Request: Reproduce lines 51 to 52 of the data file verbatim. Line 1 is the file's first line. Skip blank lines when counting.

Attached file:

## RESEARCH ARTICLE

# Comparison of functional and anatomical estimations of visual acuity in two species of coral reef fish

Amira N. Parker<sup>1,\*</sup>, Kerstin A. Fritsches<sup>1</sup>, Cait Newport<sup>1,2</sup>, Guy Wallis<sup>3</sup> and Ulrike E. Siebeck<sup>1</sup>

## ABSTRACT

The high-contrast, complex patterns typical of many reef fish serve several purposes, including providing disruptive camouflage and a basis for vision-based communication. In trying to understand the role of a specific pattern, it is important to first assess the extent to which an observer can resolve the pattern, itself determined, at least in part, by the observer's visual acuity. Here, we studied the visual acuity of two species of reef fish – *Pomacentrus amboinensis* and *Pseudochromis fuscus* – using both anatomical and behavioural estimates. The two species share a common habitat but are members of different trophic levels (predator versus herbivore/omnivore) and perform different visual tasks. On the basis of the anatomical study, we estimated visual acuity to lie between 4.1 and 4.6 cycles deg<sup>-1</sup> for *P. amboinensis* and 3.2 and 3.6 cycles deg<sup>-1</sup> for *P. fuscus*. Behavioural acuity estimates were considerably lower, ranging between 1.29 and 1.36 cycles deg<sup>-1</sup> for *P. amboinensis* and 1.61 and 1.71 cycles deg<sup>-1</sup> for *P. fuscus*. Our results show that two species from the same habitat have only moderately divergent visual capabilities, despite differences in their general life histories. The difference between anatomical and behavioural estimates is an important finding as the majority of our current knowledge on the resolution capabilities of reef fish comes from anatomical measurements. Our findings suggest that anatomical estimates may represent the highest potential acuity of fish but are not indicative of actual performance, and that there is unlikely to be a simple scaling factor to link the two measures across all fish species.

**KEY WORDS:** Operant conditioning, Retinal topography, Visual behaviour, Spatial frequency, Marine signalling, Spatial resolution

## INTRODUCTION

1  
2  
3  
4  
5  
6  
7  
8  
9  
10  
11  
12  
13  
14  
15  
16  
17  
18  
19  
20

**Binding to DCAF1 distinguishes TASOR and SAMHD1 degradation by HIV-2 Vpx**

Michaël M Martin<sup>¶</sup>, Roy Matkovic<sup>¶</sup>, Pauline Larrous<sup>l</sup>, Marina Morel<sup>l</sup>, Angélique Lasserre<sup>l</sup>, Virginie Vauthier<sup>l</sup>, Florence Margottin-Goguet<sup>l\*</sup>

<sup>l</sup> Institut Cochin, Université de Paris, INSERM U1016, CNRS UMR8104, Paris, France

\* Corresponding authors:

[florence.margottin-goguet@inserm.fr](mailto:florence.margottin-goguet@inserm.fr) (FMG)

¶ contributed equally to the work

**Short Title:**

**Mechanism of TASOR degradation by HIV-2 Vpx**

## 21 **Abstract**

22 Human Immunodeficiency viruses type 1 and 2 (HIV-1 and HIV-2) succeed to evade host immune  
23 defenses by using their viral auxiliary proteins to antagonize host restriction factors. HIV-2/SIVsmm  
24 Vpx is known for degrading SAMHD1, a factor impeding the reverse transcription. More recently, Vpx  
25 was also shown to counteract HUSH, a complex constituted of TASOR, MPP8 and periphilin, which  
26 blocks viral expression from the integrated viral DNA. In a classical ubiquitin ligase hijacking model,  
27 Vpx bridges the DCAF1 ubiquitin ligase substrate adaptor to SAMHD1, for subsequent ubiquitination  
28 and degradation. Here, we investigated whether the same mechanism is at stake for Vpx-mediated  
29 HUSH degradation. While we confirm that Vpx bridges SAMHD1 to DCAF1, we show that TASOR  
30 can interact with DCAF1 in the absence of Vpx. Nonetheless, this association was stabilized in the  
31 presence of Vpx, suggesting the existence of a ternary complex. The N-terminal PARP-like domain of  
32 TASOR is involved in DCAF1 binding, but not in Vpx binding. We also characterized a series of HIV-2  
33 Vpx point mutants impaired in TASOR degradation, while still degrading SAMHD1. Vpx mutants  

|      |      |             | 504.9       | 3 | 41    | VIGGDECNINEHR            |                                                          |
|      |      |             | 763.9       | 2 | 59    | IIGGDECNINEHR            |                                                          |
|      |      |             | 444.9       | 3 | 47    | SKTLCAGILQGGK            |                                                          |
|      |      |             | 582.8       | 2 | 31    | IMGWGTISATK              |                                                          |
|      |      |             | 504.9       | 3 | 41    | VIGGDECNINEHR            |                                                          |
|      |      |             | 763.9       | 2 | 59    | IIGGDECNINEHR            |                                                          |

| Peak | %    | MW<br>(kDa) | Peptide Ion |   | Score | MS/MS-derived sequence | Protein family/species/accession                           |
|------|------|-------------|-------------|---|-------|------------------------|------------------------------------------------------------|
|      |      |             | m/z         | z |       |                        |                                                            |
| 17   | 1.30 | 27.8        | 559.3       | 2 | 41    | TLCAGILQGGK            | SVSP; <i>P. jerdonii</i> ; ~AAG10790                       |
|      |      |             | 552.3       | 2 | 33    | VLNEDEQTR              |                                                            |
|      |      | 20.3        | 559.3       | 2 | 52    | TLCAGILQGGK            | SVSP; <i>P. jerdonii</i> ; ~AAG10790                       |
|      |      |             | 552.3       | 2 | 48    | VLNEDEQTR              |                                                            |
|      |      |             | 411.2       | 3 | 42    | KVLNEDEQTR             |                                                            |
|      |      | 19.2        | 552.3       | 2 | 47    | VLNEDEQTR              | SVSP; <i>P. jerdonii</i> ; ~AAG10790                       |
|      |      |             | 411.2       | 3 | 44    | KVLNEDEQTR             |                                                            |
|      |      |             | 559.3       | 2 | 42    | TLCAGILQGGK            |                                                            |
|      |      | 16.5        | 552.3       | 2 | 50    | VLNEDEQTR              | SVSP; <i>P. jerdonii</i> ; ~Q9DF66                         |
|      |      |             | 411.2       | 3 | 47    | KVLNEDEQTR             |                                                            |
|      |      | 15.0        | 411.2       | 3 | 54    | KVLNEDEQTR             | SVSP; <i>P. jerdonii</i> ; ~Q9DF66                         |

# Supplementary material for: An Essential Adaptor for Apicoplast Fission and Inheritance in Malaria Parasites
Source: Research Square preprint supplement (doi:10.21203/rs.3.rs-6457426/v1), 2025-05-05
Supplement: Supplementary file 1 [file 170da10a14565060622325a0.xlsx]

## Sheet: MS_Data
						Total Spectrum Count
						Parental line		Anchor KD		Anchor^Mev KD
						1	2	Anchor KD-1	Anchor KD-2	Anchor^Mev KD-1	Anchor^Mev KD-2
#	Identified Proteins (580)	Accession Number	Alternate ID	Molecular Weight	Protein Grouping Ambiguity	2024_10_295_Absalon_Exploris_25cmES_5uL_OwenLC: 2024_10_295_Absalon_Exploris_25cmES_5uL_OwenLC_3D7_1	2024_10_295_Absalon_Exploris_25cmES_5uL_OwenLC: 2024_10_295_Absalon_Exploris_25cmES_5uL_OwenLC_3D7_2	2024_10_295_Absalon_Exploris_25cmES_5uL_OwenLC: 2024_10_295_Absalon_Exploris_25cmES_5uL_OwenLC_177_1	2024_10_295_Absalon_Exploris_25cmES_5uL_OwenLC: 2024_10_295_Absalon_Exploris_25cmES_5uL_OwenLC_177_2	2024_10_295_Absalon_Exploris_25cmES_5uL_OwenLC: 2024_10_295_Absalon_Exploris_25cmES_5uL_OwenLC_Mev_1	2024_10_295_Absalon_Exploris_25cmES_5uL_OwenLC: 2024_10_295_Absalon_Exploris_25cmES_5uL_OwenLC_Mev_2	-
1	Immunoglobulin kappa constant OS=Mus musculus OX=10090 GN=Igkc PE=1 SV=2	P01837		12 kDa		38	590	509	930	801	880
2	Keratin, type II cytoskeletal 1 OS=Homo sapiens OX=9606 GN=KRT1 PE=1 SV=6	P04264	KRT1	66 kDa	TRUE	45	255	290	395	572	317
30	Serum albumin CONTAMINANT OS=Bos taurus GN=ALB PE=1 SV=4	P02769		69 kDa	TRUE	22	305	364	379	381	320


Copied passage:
|      |      |             | 444.9       | 3 | 47    | SKTLCAGILQGGK            |                                                          |
|      |      |             | 582.8       | 2 | 31    | IMGWGTISATK              |                                                          |